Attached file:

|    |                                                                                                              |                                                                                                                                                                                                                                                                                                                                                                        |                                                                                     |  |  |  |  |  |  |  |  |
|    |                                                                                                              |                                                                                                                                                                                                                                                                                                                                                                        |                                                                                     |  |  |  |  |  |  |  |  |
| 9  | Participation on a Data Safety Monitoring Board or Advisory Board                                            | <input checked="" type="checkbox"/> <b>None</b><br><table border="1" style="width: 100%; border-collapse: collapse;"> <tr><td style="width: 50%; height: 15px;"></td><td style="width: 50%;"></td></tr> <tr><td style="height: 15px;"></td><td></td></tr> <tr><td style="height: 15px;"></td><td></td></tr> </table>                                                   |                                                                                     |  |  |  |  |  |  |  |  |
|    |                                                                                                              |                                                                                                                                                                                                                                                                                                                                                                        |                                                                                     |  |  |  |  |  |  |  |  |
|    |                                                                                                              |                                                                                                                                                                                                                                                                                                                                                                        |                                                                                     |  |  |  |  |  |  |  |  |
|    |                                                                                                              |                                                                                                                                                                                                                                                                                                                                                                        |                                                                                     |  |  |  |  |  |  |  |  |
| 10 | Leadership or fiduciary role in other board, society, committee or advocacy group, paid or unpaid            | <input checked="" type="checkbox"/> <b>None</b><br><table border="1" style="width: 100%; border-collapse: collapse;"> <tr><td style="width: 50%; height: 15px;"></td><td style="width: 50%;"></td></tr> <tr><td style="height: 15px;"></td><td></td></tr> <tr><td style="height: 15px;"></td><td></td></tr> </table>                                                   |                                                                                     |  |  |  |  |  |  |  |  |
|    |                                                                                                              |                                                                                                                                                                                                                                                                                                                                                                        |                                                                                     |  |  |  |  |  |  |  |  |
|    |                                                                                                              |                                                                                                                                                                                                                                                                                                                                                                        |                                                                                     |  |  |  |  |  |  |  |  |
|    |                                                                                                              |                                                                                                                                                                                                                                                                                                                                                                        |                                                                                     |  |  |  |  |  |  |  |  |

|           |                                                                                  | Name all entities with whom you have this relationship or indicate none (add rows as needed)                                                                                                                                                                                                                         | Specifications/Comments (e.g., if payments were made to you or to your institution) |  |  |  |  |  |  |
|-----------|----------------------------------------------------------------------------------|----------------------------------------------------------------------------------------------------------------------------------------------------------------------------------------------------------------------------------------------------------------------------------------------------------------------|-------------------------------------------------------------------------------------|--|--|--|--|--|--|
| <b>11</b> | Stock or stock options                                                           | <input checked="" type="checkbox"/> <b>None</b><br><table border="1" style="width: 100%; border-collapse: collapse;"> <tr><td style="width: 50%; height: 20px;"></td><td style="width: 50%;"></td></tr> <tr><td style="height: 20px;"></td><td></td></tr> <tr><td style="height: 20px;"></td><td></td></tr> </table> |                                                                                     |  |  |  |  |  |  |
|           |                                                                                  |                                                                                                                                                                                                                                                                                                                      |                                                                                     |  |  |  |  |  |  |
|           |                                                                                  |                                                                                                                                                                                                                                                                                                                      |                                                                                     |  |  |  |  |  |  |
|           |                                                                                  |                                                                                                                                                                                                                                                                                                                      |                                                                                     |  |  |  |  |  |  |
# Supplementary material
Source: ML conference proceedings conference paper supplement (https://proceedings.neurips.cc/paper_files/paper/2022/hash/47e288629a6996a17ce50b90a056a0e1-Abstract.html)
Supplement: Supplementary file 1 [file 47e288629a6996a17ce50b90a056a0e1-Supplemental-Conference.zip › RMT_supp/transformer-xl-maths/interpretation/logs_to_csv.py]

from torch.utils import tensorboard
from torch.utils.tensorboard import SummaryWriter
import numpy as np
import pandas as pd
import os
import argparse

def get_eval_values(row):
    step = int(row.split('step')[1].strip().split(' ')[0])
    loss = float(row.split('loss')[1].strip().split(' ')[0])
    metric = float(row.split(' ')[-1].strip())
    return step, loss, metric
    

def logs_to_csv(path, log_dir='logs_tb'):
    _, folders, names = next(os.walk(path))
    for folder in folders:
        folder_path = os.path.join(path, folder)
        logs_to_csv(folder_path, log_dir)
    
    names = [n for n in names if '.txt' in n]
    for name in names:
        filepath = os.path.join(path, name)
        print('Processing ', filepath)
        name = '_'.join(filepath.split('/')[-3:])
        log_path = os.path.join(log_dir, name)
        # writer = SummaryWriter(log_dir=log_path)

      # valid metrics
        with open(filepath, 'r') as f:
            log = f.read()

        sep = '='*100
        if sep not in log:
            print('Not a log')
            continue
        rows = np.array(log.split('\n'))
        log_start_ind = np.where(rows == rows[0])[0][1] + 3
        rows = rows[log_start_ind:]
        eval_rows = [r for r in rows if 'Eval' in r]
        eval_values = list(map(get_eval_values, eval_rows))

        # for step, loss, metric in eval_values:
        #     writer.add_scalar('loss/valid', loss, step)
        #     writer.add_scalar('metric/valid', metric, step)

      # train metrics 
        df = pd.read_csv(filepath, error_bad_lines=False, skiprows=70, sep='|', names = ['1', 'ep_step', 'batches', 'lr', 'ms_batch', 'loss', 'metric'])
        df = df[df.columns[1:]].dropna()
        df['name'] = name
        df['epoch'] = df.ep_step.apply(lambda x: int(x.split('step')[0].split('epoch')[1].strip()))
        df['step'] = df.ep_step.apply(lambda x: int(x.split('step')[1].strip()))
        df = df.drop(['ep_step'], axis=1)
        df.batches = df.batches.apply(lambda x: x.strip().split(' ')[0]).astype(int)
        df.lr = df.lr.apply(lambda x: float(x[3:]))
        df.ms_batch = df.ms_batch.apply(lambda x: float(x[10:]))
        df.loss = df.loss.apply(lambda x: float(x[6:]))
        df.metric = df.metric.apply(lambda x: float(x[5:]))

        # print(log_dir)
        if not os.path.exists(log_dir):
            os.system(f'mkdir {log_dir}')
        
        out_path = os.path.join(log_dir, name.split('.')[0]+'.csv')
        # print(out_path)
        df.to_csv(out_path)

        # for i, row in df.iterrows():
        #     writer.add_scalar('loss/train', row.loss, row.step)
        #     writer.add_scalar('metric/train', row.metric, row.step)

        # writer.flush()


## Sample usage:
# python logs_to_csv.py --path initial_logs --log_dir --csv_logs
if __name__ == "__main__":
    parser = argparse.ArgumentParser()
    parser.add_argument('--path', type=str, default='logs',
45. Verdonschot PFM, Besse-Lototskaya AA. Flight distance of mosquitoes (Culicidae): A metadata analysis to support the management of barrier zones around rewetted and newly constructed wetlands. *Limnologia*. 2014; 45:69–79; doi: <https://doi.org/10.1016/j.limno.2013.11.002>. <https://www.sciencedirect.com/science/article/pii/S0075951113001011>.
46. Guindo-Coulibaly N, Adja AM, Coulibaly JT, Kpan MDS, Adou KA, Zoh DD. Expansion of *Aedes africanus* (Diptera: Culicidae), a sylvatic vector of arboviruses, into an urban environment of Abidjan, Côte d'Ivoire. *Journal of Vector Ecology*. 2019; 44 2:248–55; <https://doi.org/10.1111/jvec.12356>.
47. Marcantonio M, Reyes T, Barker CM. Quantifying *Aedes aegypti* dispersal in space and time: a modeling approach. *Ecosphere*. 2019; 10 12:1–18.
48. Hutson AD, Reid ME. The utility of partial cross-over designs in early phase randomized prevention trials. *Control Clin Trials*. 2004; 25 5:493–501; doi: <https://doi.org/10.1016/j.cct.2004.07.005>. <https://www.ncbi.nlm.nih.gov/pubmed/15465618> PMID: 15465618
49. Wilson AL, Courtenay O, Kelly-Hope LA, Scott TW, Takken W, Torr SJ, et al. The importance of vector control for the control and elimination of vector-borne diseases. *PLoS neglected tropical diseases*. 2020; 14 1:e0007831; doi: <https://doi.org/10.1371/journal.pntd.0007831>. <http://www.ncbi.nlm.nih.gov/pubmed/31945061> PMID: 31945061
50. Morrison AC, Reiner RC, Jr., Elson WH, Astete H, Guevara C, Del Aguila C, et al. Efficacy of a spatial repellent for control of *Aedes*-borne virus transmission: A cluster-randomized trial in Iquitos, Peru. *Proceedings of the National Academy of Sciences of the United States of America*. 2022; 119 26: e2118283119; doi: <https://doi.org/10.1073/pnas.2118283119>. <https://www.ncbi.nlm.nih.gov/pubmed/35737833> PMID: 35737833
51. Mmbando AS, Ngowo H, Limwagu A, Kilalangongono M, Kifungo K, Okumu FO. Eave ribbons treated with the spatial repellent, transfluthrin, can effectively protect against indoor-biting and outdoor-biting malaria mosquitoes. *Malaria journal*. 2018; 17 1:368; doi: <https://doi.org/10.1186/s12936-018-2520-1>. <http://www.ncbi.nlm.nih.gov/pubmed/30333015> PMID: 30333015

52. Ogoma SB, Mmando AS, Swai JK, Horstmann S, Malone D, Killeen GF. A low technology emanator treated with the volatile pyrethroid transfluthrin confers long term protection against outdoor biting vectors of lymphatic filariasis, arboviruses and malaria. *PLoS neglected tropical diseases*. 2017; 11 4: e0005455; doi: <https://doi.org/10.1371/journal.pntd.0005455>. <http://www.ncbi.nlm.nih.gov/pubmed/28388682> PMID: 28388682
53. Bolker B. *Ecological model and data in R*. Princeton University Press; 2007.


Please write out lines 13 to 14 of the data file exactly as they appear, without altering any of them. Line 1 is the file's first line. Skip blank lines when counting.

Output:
| <b>11</b> | Stock or stock options                                                           | <input checked="" type="checkbox"/> <b>None</b><br><table border="1" style="width: 100%; border-collapse: collapse;"> <tr><td style="width: 50%; height: 20px;"></td><td style="width: 50%;"></td></tr> <tr><td style="height: 20px;"></td><td></td></tr> <tr><td style="height: 20px;"></td><td></td></tr> </table> |                                                                                     |  |  |  |  |  |  |
|           |                                                                                  |                                                                                                                                                                                                                                                                                                                      |                                                                                     |  |  |  |  |  |  |